• The consortium publicly released the Gen-Z Core Specification 1.0 on February 13, 2018. Agreement upon a set of 1.0 standards is a critical milestone in the adoption of any new standard. The fact that the consortium’s 54 members agreed to it suggest broad industry adoption.
  • Intel’s adoption of the SFF-TA-1002 “Gen-Z” universal connector for its “Ruler” SSDs reflects increased adoption of the Gen-Z standards. Making this announcement notable is that Intel is NOT currently a member of the Gen-Z consortium which indicates that Gen-Z standards are gaining momentum even outside of the consortium.
  • The Gen-Z booth included a working Gen-Z connection between a server and a removable DRAM module in another enclosure. This is the first example of a processor being able to use DRAM that is not local to the processor but is instead coming out of a composable pool. This is a concept similar to how companies access shared storage in today’s NAS and SAN environments.

Other Notable FMS Announcements

Many other innovative solutions to data center challenges were also made at the FMS 2018 which included:

  • Solarflare NVMe over TCP enables rapid low-latency data movement over standard Ethernet networks.
  • ScaleFlux computational storage avoids the need to move the data by integrating FPGA-based computation into storage devices.
  • Intel’s announcement of its 660P Series of SSDs that employ quad level cell (QLC) technology. QLC stores more data in less space and at a lower cost.


Based on the impressive progress we observed at Flash Memory Summit 2018, we can reaffirm the recommendations we made coming out of last year’s summit…

  • Enterprise technologists should plan technology refreshes through 2020 around NVMe and NVMe-oF. Data center architects and application owners should seek 10:1 improvements in performance, and a similar jump in data center efficiency.
  • Beyond 2020, enterprise technologists should plan their technology refreshes around a composable data centric architecture. Data center architects should track the development of the Gen-Z ecosystem as a possible foundation for their next-generation data centers.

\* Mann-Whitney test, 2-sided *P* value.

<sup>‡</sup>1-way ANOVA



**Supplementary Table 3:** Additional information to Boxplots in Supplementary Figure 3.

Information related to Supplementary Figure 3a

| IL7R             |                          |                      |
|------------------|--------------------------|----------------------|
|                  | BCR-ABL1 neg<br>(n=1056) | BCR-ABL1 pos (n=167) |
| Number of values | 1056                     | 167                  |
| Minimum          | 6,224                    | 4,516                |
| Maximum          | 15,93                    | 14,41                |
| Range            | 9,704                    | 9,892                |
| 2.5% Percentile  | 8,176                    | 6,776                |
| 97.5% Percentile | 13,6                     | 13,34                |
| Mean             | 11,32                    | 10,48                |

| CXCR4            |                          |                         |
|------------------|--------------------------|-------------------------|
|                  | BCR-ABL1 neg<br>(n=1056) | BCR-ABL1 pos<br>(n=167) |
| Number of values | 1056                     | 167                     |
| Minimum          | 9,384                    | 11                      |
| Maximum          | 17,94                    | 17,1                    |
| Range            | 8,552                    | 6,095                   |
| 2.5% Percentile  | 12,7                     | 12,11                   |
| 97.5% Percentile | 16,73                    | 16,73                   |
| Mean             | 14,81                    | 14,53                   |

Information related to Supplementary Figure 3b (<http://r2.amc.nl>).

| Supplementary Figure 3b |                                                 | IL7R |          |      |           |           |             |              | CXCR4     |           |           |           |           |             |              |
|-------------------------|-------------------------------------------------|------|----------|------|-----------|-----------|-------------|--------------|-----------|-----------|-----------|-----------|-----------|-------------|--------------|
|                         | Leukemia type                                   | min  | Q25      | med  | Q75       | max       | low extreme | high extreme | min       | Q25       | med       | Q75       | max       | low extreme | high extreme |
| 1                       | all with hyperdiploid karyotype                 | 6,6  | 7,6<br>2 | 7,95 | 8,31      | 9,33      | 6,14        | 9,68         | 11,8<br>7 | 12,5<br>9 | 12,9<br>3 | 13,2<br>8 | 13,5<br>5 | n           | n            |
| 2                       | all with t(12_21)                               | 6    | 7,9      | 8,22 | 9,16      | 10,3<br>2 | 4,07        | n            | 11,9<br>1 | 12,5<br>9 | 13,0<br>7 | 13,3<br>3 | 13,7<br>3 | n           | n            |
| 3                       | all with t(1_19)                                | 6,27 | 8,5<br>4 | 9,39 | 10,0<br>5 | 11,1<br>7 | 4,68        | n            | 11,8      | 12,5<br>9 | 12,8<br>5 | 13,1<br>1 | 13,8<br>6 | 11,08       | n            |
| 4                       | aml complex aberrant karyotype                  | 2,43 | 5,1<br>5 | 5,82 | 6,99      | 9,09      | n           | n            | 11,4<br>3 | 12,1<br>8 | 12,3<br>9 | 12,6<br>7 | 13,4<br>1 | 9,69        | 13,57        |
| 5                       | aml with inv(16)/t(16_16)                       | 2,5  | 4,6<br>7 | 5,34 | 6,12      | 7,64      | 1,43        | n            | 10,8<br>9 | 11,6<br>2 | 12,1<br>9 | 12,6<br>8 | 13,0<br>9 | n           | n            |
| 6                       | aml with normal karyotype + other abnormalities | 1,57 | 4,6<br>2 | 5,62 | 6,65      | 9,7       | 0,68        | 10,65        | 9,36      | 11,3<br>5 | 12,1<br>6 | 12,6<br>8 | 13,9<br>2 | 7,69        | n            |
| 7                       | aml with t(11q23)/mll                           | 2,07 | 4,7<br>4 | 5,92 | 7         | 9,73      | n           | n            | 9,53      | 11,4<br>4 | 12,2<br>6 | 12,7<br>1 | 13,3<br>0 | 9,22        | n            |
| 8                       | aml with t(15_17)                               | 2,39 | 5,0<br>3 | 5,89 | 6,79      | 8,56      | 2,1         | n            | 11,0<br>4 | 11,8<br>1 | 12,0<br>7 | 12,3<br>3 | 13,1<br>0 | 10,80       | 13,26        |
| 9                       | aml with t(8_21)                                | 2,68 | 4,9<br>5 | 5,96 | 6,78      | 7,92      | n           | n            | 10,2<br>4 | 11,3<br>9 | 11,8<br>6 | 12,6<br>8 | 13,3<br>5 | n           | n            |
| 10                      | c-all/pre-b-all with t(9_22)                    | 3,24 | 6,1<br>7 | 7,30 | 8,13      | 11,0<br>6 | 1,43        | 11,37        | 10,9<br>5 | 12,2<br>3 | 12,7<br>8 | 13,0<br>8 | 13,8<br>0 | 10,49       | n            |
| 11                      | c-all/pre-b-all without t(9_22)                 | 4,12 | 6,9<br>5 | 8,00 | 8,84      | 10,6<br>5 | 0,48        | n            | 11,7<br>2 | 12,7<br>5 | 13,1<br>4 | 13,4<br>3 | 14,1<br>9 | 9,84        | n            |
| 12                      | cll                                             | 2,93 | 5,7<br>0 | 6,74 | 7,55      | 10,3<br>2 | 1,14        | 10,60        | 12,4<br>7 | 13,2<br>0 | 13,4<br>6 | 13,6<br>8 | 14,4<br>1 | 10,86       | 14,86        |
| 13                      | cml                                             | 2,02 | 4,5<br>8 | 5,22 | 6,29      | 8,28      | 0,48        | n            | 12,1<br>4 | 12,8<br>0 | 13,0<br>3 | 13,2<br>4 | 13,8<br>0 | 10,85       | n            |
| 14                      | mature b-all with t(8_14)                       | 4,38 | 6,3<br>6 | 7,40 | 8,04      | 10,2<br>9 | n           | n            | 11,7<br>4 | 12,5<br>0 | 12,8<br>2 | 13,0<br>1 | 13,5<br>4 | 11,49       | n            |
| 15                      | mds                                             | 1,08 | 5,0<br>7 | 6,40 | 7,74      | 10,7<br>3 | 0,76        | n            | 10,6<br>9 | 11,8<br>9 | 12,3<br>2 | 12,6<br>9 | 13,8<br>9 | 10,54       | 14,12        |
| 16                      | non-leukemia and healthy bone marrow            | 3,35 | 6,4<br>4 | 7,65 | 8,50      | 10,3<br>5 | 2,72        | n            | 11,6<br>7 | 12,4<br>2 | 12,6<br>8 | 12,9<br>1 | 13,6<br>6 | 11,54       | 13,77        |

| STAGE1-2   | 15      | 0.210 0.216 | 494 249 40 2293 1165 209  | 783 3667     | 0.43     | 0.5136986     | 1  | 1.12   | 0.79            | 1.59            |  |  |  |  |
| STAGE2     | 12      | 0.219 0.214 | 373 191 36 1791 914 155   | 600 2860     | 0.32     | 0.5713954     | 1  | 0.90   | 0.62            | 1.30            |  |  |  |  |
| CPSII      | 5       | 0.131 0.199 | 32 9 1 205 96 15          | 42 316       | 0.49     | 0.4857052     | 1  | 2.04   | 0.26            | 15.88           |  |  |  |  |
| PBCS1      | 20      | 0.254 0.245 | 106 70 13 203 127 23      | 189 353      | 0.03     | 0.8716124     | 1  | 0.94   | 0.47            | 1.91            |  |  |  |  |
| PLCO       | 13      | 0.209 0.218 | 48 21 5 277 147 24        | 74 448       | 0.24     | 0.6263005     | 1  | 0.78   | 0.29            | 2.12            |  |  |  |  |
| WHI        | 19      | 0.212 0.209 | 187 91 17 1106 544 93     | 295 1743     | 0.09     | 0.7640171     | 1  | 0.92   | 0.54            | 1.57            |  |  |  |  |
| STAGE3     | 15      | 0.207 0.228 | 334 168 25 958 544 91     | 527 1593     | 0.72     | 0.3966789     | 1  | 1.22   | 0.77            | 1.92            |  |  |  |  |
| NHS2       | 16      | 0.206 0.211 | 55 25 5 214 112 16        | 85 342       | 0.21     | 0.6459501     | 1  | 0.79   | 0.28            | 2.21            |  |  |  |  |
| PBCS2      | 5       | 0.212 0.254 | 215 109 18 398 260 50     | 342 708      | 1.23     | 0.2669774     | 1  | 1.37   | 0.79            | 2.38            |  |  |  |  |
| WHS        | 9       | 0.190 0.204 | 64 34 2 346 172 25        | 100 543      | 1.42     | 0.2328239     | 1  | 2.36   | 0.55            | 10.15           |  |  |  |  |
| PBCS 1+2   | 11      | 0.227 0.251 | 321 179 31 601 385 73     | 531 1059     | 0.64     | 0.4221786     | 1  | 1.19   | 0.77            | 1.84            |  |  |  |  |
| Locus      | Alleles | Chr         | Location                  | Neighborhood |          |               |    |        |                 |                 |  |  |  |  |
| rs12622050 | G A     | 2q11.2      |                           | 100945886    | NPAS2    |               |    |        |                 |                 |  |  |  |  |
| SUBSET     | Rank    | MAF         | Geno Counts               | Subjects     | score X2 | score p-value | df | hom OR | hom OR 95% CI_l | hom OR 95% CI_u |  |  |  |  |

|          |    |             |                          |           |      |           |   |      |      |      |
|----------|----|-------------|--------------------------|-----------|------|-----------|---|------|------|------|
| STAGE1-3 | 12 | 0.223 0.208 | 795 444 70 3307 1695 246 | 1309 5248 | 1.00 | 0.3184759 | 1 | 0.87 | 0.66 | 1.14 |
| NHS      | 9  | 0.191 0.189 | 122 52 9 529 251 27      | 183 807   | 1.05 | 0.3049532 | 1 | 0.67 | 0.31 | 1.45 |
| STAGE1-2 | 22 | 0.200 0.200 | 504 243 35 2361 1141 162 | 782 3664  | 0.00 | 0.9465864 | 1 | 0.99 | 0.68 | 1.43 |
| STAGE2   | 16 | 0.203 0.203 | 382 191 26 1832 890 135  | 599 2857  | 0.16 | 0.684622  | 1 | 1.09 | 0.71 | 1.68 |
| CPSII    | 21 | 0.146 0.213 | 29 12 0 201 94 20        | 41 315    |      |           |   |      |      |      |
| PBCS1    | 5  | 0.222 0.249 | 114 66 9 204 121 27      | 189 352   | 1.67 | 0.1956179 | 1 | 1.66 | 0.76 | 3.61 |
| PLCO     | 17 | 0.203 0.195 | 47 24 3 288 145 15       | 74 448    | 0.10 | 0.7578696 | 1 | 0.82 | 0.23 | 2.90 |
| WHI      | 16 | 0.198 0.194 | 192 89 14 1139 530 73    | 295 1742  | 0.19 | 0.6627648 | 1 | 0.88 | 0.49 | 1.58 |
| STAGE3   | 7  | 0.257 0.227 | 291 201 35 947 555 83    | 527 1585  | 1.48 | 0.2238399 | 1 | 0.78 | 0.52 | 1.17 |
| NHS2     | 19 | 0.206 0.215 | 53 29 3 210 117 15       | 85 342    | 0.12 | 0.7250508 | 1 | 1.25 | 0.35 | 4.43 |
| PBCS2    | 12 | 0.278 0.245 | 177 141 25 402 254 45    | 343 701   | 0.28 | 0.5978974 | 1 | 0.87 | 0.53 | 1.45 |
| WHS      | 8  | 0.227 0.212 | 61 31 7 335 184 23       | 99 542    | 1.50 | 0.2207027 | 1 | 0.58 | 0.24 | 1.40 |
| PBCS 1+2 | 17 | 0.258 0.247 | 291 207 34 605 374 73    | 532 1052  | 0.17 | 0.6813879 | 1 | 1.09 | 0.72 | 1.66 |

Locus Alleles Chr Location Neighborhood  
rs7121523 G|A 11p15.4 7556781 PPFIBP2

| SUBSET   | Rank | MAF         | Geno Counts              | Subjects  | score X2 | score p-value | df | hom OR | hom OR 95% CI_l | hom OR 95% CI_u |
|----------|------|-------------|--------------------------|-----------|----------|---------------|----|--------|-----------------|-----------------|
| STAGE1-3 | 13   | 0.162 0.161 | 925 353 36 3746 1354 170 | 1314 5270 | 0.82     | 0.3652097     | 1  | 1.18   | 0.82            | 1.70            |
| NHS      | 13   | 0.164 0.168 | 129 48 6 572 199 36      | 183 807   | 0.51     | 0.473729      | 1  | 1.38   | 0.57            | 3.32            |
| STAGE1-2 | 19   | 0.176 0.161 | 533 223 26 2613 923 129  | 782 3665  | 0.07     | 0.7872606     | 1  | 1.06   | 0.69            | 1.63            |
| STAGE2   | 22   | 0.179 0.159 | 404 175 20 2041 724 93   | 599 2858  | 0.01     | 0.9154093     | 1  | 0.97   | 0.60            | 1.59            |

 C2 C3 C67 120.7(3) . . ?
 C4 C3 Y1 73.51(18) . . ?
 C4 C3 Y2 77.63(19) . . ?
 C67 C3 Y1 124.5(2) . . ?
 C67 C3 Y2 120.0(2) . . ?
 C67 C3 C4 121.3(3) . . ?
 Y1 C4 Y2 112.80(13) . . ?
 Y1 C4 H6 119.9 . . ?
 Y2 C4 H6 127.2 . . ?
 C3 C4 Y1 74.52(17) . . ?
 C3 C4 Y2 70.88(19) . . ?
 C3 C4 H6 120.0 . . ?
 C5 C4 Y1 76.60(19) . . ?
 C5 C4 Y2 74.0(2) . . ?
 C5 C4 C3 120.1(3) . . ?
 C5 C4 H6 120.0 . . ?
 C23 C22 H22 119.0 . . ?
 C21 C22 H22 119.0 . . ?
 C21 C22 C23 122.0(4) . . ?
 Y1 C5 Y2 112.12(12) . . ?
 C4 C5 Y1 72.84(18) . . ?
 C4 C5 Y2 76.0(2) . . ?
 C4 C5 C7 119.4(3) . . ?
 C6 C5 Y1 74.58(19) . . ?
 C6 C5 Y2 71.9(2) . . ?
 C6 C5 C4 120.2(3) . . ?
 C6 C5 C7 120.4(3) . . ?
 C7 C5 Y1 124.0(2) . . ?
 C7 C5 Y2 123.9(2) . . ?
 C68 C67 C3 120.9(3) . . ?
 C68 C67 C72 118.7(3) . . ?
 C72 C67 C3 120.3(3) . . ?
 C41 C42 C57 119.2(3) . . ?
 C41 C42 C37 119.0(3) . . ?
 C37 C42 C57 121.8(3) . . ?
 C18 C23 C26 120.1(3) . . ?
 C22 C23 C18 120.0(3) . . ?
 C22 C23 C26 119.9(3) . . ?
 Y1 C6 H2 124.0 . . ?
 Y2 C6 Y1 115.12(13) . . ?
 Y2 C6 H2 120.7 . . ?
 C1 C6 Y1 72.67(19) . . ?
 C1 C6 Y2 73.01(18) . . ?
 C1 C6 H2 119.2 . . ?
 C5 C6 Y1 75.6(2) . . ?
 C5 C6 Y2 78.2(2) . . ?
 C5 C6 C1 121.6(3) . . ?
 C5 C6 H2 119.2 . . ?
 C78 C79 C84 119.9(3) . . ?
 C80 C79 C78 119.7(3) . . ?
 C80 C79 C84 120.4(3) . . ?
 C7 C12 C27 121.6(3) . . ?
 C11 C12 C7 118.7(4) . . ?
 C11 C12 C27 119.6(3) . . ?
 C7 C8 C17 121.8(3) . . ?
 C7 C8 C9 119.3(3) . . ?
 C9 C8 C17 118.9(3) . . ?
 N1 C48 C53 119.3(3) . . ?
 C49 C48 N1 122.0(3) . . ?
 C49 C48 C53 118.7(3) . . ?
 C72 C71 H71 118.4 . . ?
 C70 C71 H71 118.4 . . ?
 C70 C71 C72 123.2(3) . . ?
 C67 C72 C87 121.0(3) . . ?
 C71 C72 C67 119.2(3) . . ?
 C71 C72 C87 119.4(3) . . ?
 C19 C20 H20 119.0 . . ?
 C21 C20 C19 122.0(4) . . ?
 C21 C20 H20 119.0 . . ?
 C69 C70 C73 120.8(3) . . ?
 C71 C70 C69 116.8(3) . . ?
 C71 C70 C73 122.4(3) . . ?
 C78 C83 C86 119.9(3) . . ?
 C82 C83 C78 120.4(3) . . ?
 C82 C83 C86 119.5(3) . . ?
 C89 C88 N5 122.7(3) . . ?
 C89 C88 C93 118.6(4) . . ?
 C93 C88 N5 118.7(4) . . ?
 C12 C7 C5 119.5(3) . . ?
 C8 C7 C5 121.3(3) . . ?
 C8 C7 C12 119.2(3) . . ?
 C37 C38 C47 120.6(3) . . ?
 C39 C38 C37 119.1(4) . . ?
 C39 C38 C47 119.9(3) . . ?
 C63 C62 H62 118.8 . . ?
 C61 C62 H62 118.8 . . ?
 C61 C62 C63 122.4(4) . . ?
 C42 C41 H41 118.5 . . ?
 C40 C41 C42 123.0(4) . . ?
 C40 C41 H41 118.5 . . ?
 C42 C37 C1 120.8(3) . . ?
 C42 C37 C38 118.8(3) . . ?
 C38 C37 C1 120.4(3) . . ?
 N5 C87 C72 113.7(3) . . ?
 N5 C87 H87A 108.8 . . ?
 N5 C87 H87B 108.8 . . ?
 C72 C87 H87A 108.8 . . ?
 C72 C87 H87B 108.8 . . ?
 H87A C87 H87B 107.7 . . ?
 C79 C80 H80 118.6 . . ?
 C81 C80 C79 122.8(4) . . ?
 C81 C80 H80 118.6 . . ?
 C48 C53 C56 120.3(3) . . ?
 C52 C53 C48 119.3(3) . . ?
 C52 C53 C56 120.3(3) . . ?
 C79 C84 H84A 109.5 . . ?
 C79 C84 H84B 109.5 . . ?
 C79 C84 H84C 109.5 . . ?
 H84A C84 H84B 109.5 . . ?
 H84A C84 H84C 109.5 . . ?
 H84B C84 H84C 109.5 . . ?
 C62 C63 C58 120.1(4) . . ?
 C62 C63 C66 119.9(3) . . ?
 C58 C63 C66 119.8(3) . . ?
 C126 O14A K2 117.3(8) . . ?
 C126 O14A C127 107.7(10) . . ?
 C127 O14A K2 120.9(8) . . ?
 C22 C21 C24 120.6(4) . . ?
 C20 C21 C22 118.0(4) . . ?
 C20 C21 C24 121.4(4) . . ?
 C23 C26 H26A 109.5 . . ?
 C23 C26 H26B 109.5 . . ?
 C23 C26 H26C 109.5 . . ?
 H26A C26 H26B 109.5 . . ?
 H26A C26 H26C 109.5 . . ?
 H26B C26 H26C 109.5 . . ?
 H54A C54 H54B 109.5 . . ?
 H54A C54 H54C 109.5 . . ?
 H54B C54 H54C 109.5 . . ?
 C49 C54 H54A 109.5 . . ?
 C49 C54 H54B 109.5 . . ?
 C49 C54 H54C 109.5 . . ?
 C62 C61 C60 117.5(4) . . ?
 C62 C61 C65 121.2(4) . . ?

Seven Key Differentiators between Dell EMC VMAX and HPE 3PAR StoreServ Systems

Dell EMC and Hewlett Packard Enterprise are enterprise technology stalwarts. Thousands of enterprises rely on VMAX or 3PAR StoreServ arrays to support their most critical applications and to store their most valuable data. Although VMAX and 3PAR predated the rise of the all-flash array (AFA), both vendors have adapted and optimized these products for flash memory. They deliver all-flash array performance without sacrificing the data services enterprises rely on to integrate with a wide variety of enterprise applications and operating environments.

While VMAX and 3PAR StoreServ can both support hybrid flash plus hard disk configurations, the focus is now on all-flash. Nevertheless, the ability of these products to support multiple tiers of storage will be advantageous in a future that includes multiple classes of flash memory along with other non-volatile storage class memory technologies.

Both the VMAX and 3PAR StoreServ can meet the storage requirements of most enterprises, yet differences remain. DCIG compares the current AFA configurations from Dell EMC and HPE in its latest DCIG Pocket Analyst Report. This report will help enterprises determine which product best fits with its business requirements.